DSHS Seeks More Funding for Lab, Fighting Maternal Deaths
By Sean Price


The Texas Department of State Health Services (DSHS) is asking state lawmakers for new or “exceptional” funding to help the agency tackle several important health concerns facing the state, according to Commissioner John Hellerstedt, MD.

One of the agency’s biggest priorities will be securing a steady source of funds for the state’s public health laboratory.

The DSHS lab is frequently called on to do expensive testing to protect public health, Dr. Hellerstedt says. In the past, the agency was able to offset budget shortfalls in lab funding by transferring funds from other parts of the department’s budget. But recent agency restructuring has made that solution unworkable without sacrificing other programs, especially since the lab’s duties grow each year.

“For instance, one of the things that we’re concerned about is that every year there are more and more things being added to screen newborns for inheritable metabolic diseases,” Dr. Hellerstedt said during a recent Texas Medical Association Distinguished Speaker Series event that featured the four most recent DSHS leaders.

“We’re going to have to have a reliable source of funding that will allow us to add those new services,” he said.

Agency officials also would like more funding to help combat maternal morbidity and mortality, one of TMA’s legislative priorities this year, too.

DSHS would like to improve the use of “bundles” — a collection of protocols and guidelines — designed by the Alliance for Innovation in Maternal Health (AIM). These bundles help physicians and health care providers prevent maternal health problems before, during, and after pregnancy.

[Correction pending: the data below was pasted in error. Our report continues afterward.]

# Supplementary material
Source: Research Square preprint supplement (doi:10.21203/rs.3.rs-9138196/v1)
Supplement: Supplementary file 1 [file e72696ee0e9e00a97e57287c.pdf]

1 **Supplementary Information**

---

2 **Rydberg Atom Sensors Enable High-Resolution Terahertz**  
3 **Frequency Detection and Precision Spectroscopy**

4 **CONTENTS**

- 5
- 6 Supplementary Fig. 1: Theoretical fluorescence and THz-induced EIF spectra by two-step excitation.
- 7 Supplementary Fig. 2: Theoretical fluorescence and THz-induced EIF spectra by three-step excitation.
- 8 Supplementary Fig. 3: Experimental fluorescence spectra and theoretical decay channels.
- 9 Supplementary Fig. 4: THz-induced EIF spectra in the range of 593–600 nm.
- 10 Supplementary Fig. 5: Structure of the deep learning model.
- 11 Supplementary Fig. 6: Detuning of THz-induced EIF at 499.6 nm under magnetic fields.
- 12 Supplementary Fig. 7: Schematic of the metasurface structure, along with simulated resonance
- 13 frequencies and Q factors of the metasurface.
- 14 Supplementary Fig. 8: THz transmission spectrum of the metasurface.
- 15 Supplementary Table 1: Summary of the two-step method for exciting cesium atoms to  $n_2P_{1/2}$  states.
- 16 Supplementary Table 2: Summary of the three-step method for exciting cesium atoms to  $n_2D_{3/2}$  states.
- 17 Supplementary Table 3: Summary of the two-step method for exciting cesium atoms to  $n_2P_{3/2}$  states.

Other requests include:

  • Increasing secure access to Texas Vital Records: DSHS recently overhauled how death certificates are handled, but residents still wait a long time to get their identification documents, and physicians need more immediate access to technical assistance to register deaths.
  • Retaining appropriate technical staff: DSHS frequently hires technical staff who use the experience they gain at DSHS to obtain better-paying jobs in the private sector. “Maybe if we improve the ways in which we compensate our folks, they’ll stick around a little longer,” Dr. Hellerstedt said.
  • Bolstering the response to all types of infectious disease outbreaks: The electronic system used to enter and track disease in Texas periodically breaks down, frustrating local health departments and slowing public health’s ability to address developing outbreaks. 
  • Improving the detection and control of tuberculosis: Tuberculosis rates are steady in Texas, Dr. Hellerstedt says. “But the sad part is we could be driving down the amount of tuberculosis we have in the state, and we frankly just don’t have resources to follow up on every active case of tuberculosis disease,” he said.
  • Increasing the accessibility of public health data: DSHS will examine what data academics and local health departments request most often for fighting disease. Also, the department needs to be able to connect computer systems that were acquired over time and that are currently incompatible for sharing data.
  • Preserving department vehicles used in disaster response: Specialty vehicles like a mobile command center and mobile autopsy vehicle are used to respond to disasters. They need to be housed in protective facilities that allow quick deployment to disasters and that will ensure the vehicles last as long as they can.

Last Updated On

January 22, 2019

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Sean Price


(512) 370-1392

Sean Price is a reporter for Texas Medicine and Texas Medicine Today. He grew up in Fort Worth and graduated from the University of Texas at Austin. He's worked as an award-winning writer and editor for a variety of national magazine, book, and website publishers in New York and Washington. He's also helped produce Texas-based marketing campaigns designed to promote public health. Sean lives in Austin and enjoys hiking, photography, and spending time with his wife and two sons.

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